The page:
Vice Mayor Brownie Newman, meanwhile, made the case that the project is a necessary component of creating a more sustainable city.
“I believe the single greatest threat we have to the environmental integrity of Buncombe and our region is the pattern of sprawl development that is rapidly consuming the forestlands and farmlands of our mountain region,” Newman declared. “I believe the single most powerful solution to that is promoting the successful pattern of development we have in our downtown.”
Newman added that he also supports greater investment in mass transit and sidewalks, asserting that the city will still have parking revenue left over to devote to other purposes. “It seems clear to me the project will not just pay for itself but be a significant asset to the city of Asheville,” he observed.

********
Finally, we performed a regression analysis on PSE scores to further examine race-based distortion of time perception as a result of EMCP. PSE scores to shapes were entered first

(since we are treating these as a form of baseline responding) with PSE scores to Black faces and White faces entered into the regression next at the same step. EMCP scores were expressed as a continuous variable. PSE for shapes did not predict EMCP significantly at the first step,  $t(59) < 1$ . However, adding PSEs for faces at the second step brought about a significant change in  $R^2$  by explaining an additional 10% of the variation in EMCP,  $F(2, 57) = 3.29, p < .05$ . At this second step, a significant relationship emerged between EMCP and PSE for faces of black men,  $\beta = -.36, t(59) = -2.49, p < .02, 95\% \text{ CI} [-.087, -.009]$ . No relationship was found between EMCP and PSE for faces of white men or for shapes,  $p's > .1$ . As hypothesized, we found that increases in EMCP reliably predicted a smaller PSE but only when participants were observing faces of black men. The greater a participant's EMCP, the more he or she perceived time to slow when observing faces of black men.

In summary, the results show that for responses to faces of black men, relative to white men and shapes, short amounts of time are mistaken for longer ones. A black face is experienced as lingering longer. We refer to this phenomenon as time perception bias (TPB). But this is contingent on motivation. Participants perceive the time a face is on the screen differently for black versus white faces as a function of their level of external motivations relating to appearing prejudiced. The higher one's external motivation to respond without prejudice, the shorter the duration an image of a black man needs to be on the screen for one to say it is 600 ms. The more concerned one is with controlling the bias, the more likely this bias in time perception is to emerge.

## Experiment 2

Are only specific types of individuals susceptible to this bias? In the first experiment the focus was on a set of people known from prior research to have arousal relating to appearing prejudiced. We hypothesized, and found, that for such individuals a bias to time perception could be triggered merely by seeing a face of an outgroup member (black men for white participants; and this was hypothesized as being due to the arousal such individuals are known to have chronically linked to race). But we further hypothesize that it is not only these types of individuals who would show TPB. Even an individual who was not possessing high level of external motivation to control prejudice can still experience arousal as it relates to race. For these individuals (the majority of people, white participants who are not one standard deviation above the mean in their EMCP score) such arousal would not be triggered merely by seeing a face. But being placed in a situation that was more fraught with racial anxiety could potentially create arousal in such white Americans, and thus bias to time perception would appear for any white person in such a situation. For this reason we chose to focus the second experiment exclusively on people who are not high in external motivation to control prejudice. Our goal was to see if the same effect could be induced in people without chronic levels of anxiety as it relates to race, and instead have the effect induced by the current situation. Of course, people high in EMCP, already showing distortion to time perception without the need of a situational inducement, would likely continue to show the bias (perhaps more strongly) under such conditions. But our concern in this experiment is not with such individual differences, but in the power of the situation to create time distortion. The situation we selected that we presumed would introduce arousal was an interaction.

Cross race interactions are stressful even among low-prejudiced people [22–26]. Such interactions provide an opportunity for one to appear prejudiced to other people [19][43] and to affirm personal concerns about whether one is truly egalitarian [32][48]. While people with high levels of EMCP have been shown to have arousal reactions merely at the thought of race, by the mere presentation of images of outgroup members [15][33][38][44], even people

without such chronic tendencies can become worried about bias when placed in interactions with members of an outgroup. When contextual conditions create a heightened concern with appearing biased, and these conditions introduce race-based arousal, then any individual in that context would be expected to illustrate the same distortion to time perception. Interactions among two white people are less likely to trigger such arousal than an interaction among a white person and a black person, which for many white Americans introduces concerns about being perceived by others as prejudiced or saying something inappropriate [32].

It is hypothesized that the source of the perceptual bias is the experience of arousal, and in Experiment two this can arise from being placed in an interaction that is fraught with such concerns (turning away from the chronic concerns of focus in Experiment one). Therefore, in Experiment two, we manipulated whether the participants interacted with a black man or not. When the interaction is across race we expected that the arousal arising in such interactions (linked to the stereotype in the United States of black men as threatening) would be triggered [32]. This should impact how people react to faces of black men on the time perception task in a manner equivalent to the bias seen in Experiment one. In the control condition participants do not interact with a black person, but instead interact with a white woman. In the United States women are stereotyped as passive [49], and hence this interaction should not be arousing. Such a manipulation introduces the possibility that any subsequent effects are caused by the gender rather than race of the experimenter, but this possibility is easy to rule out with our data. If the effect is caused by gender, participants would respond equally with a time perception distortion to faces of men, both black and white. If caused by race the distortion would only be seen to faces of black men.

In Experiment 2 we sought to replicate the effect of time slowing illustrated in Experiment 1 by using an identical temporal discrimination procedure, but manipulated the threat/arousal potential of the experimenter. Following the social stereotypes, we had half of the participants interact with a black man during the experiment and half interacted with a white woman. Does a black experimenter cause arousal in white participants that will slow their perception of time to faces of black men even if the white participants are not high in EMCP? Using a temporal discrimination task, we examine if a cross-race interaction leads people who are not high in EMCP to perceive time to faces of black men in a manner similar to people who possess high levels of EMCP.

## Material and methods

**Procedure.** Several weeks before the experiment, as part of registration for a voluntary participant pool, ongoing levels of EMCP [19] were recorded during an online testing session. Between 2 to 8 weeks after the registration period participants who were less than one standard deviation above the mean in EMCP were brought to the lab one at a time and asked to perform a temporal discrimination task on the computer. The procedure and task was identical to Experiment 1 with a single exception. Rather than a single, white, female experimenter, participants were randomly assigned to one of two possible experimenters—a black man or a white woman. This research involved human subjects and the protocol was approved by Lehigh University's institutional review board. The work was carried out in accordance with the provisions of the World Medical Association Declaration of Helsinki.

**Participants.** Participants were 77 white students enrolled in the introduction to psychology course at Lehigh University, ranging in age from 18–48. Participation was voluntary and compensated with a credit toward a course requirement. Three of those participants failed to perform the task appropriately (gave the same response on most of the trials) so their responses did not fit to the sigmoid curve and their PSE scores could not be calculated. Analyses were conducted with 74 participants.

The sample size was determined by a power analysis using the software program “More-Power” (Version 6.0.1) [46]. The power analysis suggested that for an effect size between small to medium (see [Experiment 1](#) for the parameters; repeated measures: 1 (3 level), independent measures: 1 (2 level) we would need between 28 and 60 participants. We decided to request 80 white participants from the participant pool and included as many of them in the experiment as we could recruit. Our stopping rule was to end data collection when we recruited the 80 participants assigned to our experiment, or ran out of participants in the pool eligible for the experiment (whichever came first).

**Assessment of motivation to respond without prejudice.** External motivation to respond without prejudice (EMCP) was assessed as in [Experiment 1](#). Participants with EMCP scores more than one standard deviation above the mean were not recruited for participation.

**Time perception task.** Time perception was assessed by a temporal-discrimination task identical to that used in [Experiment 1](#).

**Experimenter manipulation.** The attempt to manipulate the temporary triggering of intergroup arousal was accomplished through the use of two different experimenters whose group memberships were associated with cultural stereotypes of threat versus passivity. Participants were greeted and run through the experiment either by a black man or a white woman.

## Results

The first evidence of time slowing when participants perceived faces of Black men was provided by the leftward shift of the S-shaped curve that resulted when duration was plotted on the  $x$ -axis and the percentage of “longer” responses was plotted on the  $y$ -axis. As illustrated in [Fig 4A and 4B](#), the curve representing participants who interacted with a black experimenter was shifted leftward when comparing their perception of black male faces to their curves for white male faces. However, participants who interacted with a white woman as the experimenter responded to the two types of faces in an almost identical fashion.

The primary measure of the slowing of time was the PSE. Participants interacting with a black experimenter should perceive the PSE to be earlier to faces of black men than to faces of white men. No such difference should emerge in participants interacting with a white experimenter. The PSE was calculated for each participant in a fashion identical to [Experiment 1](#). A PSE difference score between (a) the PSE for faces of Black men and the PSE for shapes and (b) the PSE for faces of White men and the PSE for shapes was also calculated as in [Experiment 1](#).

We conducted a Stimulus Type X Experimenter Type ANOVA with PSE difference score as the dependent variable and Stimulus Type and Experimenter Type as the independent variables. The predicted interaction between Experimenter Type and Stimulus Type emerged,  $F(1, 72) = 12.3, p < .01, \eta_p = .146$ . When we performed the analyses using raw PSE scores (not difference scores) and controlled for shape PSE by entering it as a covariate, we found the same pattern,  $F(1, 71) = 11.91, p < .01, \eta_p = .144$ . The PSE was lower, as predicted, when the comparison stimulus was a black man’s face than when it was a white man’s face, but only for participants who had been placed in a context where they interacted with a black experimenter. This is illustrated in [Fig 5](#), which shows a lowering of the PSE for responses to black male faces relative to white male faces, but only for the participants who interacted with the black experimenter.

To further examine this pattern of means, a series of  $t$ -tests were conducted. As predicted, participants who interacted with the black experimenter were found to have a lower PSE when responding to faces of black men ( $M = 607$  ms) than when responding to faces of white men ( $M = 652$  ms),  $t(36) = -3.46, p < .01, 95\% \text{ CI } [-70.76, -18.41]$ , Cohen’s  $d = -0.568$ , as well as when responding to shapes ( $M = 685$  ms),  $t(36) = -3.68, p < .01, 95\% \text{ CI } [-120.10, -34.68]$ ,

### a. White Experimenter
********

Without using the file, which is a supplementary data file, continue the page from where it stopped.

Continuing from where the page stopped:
The dispute over projected revenues seems to hinge on whether one believes individual car (and, thus, parking deck) use will decline, as Bothwell predicts, or remain more or less steady, as proponents of 51 Biltmore assert.
Council member Esther Manheimer also shot back at critics, arguing, “It's not through inaction that downtown has become a vibrant place — it's through action, development and investment.” Failing to approve the deck, she warned, could endanger related contracts while harming the city's reputation.
A somewhat frustrated-sounding Mayor Terry Bellamy emphasized that the 51 Biltmore location was chosen, in part, because prior attempts to site decks downtown had triggered public backlash.